16 May 2022

Harnessing Signal K to dynamically map seabeds along ports and rivers

gravatar Roee Hasson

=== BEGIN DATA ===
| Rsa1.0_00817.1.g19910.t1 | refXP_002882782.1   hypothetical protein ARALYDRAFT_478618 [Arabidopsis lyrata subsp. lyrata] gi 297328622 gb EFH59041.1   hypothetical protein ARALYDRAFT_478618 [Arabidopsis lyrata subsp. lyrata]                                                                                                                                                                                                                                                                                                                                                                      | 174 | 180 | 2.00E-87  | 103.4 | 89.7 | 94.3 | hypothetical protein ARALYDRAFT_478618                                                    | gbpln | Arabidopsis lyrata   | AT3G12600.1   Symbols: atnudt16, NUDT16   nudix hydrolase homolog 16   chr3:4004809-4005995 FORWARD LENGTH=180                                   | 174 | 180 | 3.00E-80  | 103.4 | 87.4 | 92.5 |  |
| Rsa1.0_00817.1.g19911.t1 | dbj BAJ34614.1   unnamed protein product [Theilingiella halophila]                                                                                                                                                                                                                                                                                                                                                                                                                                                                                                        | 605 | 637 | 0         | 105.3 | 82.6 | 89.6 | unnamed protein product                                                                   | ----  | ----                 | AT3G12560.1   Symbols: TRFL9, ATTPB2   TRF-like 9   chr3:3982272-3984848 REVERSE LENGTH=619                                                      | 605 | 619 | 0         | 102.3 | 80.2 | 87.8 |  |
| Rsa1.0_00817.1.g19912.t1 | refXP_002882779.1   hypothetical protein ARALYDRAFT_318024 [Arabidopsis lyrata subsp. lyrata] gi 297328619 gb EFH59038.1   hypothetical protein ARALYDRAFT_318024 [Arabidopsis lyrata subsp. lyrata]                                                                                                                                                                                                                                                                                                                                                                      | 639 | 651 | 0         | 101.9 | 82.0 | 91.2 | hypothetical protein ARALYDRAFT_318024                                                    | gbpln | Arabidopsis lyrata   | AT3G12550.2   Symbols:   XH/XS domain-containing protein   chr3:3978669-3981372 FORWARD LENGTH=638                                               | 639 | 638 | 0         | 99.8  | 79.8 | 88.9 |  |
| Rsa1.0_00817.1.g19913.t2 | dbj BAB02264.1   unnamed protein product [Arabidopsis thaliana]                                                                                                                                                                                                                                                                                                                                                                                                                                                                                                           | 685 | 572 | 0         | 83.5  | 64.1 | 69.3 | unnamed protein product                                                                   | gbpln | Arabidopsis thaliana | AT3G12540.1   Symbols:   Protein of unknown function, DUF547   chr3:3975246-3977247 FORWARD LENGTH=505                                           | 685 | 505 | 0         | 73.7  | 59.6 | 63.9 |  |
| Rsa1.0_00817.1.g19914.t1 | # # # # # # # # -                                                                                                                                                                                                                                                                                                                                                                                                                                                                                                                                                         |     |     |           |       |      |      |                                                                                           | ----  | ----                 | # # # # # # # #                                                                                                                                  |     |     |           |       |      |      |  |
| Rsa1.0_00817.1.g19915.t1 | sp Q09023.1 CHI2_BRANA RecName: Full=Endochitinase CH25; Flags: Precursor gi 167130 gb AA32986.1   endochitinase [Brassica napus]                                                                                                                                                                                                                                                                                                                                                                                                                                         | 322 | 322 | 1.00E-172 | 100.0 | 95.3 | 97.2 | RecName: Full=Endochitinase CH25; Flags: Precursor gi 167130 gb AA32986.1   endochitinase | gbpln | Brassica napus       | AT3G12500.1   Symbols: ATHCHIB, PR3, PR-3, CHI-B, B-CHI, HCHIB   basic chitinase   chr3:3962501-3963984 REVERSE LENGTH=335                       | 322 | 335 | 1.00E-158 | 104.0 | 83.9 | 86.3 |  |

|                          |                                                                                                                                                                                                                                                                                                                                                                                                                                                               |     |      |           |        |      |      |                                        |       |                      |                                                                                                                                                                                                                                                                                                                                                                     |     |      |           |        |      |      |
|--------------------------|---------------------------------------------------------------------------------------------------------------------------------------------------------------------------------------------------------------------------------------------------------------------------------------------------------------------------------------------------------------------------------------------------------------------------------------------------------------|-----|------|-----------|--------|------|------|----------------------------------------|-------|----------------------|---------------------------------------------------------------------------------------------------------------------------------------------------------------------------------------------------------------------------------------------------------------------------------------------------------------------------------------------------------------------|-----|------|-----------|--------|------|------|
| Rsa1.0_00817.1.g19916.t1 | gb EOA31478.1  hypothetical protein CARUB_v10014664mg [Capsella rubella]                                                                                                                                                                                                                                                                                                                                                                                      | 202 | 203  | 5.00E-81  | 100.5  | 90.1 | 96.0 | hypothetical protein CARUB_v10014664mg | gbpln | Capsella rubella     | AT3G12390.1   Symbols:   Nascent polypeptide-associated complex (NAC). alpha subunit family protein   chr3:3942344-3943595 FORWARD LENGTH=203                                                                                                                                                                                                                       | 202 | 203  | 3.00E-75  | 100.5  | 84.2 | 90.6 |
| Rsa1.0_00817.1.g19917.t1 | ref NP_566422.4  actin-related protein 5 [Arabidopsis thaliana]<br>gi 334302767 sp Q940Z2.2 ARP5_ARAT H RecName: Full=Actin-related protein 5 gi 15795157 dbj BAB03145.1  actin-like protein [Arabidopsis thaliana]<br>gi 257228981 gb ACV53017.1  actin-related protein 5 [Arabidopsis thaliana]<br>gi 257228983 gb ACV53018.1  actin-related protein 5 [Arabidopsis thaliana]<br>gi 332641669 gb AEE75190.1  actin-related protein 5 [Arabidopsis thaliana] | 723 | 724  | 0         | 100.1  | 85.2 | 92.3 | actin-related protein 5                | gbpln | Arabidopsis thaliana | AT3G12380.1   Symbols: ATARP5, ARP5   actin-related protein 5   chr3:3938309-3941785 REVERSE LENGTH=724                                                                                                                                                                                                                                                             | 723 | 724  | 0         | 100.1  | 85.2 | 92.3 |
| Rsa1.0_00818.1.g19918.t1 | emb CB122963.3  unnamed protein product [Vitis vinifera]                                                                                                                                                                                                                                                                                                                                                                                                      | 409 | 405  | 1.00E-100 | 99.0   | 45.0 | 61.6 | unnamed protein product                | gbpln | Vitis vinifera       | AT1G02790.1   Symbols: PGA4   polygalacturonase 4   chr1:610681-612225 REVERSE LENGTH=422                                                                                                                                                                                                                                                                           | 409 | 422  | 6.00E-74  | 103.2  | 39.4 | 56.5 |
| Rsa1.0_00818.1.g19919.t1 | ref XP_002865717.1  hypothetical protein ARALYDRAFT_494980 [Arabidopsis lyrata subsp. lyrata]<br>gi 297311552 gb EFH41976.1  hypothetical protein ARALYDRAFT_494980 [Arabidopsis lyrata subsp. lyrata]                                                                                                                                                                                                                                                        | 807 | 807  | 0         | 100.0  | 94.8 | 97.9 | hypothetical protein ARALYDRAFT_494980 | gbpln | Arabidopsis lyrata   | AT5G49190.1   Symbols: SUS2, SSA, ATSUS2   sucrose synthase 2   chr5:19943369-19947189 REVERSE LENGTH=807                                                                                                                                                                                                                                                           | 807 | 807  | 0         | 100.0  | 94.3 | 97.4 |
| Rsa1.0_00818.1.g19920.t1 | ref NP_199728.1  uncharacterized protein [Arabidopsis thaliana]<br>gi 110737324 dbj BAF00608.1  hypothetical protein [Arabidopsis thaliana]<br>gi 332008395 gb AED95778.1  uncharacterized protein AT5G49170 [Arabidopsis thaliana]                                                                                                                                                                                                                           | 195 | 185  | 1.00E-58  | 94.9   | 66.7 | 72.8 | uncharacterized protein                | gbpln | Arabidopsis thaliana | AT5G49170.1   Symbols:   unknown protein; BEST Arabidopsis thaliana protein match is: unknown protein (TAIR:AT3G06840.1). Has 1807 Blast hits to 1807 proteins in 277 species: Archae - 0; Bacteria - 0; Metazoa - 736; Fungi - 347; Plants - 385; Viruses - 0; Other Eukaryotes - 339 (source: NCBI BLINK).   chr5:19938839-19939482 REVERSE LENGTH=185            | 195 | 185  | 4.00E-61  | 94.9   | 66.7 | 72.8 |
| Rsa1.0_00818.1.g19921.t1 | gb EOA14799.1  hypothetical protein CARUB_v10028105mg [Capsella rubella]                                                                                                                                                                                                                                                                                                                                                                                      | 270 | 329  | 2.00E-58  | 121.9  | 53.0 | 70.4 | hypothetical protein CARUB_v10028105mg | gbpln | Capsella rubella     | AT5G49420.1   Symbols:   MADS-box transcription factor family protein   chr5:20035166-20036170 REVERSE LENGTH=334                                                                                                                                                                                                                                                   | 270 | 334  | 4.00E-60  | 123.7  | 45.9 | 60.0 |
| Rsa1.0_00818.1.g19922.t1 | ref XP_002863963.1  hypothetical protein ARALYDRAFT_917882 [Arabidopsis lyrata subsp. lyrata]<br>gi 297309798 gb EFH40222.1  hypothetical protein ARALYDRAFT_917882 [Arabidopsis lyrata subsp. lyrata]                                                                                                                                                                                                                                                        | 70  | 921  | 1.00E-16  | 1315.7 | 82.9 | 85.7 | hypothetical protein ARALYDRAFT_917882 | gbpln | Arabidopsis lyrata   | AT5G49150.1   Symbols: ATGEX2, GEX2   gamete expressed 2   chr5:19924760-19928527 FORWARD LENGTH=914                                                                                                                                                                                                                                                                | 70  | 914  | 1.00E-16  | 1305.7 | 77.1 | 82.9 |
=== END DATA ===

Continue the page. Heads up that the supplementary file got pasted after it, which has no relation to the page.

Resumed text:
​ Ports and rivers are an essential part of the global supply chain, being the main channels through which most of the world trade passes. Nevertheless, there is no dynamic mapping of the enviroment, no constantly updating data regarding the enviromental conditions (e.g. depth, water temperature, wind direction and magnitude). This lack of updated information severly affects cargo utlization and safety of navigation, as there is signifance change on a daily, and sometimes hourly, basis. ​ Having identified this need, we at DockTech sought to find a solution for this problem. To create a way of understanding the real-time environment conditions and present them in a way that can readily be used to derive crucial insight and increase port efficiency. At the heart of our solution are IoT devices collecting the sensors’ already-generated data from vessels operating within the ports. ​ Depth mapDepth map, showing the latest measured depths from the past month, at every point the tugboats covered. Shallow areas appear in red, green are deep areas, and yellow in between. Santos port, Brazil ​ While sensor data from any vessel is useful, DockTech chose to focus on tugboats, as they move all around the port during the course of their regular operations. However we still needed to find a way to communicate with the very specific NMEA protocol in order to retreive the data, and that’s where Signal K comes in! ​ Using a simple raspberry pi, a serial-to-USB converter, cloud services, the Signal K central server implementation and a light-weight Signal K client we created, we managed to collect data from various NMEA0183 devices, mostly GPS units and Echo Sounders. ​ Coverage mapCoverage map, showing all the points around the port the tugboats visited in a chosen time interval. Santos port, Brazil ​ With a constant stream of data coming from across the ports, our data science team generates insights regarding the port’s conditions and environmental trends. For example, besides for just getting an updated bathymetry across the port, we are able to detect regions that are shallower than the desired depth, and calculate the approximate amount of dredging that would be neccesary. Additionally, we found areas of high deposition and high erosion caused by high silting rates, and can alert the relevant operators about potentially dangerous sections of the port. ​ Vessel TrackerThe routes of the tugboats operating in the port during a chosen time interval. Santos port, Brazil ​ While Signal K helped us with the data collection process, it is important to stress that several crucial steps need to be included to turn the raw data into a reliable bathymetry. Including, but not limited to, enriching the data with contextual meteocean variables (e.g. tide), removing noise (there is between 2-8% per depth sensor), interpolating non-covered regions, etc. ​ Sedimentation mapSedimentation map, showing the silting movement in the port between two specific dates. In red are areas of high deposition, in green, high erosion, and the rest are stable areas. Santos port, Brazil ​ The relevance and impact of a constantly updated port bathymetry is still in it’s infancy, and we at DockTech are working on the next generation of port maintenance. With a continous understanding of the port conditions, forecasting algorithms can be trained to predict future dredging campaigns, navigation routes for autonomous ships can be maximized for UKC (under keel cleareance), and causual induction as to the impact of particular weather conditions (e.g. storms) can be investigated. ​ High deposition polygonsDetecting high deposition polygons in the port. The areas are dangerous due to grounding hazard. Santos port, Brazil ​ This is just a glimpse of what can be acheived by extracting data from vessels, and it was made simple to achieve using the Signal K open data format. ​ ​ ​ Want to hear more about our work? Feel free to contact us at info@docktech.net